How To Avoid Language That Tears You Down

Love, Self

Words we use that hurt and hold us back and how to cut it out and stand up for yourself!

As a therapist one of the first things I say to people in a first session is that they can talk however they want with me including swearing (just not at me, please). The words that I want them to get rid of are not those dirty words that their mothers told them never to say. Mine are words and phrases that cut a person down or give messages that hold them back. Language is more powerful than we often give it credit for.

If you use words like “strong,” “powerful,” “permission” or “validation” you may start to feel like a strong, powerful woman who has permission to validate herself for who she is. If you use some of the language that I talk about below you will feel pressured and anxious and like a person who just isn’t ever good enough.

Always/Never. How often are things truly always or never? I could say that I will never eat liver (I truly hate the stuff), but do I really know the circumstances of every meal I will have for the rest of my life? I could also say that I always wear a certain color, but even Elle Woods managed to wear colors other than pink. So is it really truthful to say I always wear that color? No. We have to leave room for the unknown factors of life.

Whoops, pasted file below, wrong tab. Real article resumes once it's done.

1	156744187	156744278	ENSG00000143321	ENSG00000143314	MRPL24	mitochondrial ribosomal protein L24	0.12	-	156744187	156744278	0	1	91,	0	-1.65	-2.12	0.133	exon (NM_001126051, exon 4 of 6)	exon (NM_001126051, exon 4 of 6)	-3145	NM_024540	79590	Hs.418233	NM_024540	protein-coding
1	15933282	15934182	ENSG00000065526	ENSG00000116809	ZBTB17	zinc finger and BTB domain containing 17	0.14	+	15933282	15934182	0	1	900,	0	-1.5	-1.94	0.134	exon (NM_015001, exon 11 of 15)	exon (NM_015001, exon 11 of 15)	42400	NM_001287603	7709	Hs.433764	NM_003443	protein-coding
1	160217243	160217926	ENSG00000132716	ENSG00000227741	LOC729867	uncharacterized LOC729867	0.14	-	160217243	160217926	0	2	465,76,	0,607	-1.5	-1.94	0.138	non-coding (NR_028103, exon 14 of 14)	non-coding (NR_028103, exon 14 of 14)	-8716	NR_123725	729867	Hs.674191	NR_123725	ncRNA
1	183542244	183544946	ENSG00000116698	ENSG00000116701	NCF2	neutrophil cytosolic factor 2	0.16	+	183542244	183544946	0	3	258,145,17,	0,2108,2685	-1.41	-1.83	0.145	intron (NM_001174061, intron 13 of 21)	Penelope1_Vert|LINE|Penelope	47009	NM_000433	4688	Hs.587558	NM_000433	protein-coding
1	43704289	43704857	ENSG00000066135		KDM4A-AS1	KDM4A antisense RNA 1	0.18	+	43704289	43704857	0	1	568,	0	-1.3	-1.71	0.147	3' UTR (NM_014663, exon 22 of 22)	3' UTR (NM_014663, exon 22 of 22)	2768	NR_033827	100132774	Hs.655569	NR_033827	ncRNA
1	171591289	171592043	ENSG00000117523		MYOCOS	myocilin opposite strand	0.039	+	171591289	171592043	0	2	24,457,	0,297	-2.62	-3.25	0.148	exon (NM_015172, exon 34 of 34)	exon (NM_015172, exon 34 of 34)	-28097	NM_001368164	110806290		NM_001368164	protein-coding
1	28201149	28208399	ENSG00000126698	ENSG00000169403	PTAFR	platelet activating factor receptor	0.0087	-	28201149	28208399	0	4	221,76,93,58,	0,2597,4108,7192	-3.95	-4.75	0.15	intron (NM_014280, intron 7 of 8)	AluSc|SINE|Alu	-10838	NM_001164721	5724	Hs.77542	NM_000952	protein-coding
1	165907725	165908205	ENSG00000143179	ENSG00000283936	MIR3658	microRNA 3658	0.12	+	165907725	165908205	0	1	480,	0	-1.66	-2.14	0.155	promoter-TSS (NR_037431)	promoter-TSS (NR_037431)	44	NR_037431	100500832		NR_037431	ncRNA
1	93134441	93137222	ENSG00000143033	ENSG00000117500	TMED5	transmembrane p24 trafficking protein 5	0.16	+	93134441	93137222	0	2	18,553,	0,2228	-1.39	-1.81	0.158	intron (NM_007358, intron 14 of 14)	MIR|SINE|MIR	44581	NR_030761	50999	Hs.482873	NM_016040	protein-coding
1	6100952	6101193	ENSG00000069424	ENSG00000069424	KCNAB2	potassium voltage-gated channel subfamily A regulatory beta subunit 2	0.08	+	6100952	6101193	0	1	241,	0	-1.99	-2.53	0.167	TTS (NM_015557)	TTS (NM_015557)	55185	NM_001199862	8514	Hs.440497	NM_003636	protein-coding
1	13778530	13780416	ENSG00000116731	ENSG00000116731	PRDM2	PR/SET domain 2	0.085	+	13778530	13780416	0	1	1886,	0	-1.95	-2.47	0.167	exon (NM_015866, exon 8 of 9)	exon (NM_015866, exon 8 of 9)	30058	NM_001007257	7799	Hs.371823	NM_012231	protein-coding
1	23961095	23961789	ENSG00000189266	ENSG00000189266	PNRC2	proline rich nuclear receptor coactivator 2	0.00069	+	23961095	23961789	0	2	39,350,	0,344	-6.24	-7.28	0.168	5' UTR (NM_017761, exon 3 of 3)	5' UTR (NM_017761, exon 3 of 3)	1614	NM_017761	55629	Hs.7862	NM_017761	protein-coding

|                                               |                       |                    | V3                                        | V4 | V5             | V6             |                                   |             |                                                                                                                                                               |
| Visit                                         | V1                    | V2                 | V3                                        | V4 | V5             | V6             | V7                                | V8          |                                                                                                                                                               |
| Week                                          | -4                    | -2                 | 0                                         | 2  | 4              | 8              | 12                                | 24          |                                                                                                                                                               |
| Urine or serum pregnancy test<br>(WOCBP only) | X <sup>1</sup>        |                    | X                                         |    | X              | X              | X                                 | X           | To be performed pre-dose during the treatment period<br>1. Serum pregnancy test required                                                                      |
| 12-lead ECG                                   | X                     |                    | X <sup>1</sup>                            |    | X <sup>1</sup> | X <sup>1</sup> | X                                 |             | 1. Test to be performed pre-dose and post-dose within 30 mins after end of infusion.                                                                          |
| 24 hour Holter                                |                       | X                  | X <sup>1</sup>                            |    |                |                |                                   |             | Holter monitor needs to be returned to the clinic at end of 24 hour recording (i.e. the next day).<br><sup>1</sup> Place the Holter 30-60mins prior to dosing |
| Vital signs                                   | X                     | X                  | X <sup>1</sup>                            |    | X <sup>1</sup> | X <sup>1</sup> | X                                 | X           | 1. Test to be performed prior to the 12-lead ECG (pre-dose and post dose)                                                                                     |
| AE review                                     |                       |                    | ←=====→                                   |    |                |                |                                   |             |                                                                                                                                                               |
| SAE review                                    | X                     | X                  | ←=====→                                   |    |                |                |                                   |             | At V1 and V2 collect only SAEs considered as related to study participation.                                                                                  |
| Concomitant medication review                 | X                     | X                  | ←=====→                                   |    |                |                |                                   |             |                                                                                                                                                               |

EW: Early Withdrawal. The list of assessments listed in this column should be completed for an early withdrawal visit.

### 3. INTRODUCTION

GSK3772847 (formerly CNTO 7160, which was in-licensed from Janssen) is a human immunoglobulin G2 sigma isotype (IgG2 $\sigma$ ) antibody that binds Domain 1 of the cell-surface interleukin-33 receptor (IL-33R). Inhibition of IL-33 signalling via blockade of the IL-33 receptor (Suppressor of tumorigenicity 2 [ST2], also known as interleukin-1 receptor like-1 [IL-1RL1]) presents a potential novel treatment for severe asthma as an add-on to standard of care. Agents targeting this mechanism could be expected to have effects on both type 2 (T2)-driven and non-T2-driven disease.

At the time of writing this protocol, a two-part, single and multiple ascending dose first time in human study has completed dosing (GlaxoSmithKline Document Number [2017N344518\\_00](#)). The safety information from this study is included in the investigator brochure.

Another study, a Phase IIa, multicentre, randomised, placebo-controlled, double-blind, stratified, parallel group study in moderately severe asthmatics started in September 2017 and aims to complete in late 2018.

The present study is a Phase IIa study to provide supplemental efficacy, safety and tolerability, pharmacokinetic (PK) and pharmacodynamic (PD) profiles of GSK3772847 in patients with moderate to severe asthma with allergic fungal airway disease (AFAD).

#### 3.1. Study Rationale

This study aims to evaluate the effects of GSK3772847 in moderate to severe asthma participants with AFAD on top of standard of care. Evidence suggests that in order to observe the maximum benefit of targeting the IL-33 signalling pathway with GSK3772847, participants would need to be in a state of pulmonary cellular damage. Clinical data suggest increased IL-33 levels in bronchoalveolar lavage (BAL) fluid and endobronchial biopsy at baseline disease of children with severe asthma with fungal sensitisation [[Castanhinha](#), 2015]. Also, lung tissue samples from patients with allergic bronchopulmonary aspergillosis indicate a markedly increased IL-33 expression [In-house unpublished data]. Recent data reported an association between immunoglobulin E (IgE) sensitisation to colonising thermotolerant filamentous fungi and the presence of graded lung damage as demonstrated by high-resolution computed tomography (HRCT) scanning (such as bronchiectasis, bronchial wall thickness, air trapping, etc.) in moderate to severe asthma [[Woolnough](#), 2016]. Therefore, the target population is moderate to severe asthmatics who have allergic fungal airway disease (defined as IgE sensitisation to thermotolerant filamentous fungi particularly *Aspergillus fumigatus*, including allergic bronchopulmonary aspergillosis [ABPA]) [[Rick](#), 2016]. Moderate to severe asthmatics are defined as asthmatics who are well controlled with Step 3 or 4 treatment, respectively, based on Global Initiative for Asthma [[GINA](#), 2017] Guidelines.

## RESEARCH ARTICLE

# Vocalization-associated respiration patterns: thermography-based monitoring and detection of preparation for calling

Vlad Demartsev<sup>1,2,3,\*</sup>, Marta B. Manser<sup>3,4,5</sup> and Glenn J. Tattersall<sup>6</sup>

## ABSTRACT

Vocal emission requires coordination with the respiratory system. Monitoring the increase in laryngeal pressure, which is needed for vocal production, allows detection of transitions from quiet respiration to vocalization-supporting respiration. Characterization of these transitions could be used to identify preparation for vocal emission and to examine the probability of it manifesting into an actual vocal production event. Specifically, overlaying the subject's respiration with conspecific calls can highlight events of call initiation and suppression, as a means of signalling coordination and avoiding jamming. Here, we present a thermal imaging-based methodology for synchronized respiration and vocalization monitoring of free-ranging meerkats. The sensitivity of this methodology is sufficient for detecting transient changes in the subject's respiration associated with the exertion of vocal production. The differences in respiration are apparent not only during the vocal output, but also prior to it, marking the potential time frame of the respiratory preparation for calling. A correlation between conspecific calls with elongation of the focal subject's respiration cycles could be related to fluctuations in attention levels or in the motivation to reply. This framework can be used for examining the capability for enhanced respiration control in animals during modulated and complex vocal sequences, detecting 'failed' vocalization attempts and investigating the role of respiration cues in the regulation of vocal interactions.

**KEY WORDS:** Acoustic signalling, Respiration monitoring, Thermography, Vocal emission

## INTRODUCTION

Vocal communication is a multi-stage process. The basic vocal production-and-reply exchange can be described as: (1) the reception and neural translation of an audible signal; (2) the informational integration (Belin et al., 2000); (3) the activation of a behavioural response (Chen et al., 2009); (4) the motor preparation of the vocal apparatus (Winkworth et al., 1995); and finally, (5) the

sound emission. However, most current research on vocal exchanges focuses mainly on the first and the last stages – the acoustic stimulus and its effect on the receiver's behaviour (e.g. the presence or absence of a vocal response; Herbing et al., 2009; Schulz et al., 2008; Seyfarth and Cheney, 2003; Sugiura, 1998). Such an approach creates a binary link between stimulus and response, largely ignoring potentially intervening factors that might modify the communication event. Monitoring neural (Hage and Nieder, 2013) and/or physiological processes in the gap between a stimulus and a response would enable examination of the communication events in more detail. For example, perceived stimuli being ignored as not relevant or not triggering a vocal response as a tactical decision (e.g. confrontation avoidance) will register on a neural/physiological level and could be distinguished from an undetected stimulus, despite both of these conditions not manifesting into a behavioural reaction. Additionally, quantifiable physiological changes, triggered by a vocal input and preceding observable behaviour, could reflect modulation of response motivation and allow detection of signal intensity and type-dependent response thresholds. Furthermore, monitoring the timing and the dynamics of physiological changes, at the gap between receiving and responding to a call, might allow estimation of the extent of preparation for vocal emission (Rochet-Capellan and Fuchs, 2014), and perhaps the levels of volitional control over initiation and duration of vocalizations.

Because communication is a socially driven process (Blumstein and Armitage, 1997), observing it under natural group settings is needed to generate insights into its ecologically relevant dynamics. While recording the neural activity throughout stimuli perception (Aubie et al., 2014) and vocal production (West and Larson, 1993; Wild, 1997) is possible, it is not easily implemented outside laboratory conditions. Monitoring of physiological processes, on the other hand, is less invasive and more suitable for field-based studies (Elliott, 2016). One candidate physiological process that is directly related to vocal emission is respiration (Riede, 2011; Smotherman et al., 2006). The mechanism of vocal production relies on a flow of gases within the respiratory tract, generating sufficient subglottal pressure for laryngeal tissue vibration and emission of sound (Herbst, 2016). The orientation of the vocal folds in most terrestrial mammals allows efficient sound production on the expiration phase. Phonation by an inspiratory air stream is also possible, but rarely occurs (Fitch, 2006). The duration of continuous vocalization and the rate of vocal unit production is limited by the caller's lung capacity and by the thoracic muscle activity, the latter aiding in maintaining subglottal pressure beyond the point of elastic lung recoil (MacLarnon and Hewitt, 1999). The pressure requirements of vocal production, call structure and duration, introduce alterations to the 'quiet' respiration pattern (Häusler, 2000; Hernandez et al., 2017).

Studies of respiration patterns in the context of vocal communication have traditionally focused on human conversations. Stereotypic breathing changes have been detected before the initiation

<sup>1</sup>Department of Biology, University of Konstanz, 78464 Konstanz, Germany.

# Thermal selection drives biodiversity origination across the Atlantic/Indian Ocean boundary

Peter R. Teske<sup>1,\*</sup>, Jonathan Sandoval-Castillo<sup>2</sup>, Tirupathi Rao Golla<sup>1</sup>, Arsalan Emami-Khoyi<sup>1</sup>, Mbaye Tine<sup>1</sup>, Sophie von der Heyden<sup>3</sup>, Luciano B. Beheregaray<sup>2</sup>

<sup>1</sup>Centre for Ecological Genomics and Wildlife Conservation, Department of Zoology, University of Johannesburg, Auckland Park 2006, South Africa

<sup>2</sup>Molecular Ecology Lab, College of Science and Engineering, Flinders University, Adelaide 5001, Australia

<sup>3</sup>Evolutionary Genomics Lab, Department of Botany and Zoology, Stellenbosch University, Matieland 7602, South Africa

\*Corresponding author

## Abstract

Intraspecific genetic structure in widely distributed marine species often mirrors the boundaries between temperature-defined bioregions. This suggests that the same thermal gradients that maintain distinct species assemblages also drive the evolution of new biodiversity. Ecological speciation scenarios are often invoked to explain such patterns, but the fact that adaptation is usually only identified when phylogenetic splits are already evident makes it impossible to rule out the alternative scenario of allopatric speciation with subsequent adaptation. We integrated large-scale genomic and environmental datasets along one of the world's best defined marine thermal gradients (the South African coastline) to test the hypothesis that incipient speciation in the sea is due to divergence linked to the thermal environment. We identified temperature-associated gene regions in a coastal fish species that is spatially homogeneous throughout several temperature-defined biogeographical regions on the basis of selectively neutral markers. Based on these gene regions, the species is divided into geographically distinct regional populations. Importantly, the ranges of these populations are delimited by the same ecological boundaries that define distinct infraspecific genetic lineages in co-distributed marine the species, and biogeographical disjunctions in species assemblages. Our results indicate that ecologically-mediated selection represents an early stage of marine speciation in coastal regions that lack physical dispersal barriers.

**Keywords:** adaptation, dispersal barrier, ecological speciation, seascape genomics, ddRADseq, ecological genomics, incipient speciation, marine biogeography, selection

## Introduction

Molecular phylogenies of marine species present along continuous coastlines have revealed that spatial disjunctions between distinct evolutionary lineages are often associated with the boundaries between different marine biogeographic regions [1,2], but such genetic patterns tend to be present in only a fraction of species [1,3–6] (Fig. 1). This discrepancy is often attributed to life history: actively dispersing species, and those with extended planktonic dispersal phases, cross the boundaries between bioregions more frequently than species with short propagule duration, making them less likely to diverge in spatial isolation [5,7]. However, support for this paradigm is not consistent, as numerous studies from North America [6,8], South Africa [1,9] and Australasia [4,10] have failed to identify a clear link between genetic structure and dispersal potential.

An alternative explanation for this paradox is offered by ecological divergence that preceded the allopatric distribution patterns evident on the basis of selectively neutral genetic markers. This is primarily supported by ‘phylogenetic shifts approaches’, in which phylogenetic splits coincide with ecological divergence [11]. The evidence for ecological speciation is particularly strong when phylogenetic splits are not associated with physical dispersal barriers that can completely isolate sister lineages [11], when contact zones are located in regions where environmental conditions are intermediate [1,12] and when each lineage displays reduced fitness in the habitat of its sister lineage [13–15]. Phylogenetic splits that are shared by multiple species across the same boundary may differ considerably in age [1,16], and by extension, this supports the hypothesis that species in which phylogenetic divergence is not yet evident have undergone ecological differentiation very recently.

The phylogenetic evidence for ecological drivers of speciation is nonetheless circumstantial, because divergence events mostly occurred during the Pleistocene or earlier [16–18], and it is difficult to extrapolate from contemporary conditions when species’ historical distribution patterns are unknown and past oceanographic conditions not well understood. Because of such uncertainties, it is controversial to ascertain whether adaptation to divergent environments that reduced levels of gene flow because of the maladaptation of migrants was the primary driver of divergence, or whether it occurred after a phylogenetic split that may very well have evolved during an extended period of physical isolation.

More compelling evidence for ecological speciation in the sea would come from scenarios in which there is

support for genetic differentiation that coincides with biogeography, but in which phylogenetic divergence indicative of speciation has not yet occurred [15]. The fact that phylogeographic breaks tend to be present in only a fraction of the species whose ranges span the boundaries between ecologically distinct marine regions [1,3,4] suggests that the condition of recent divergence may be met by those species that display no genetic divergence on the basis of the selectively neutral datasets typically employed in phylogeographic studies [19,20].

When you use those words with other people it can leave them feeling boxed into a corner or judged, which can close them off to hearing the message you want them to hear. Be willing to give them wiggle-room so that they can be less defensive and truly listen to you.

Should (Supposed to, Ought to). When you say you should be a certain way you put an expectation on yourself that is not based in fact. Who says I should eat that liver? Sure it may be chock full of vitamins or a hostess may have made it for me, but I still get to make my own decisions. It’s like saying that if you do not do this thing then you are a failure.

Do not let arbitrary expectations dictate your life. Do things because they are beneficial to you, they will really help someone else out or they will help you to feel good. Try saying “it would be good for me to…” or “I would like to…” instead of should. This small change will lift unimaginable weight off your shoulders.

I wish. Once we are too old to be wishing on stars we need to let wishes go. While they are fun when used whimsically, they are devastating when used seriously. When you wish that you were thinner, didn’t have anxiety or had a more loving spouse, you are saying that you do not accept the reality of what your life currently is.

So long as you are wishing things were different you will be stalled out in trying to change them. Once you acknowledge and accept the way that things are, you can begin to take charge and change what doesn’t benefit you.

Stupid (and other negative labels). Even if you have clinical proof that you are less intelligent than anyone else on the planet, I still can't accept this kind of label. It doesn’t help you or motivate you or encourage you to strive for more. All it does is tell you that you are useless, worthless and that there is no sense in trying because you will fail anyways.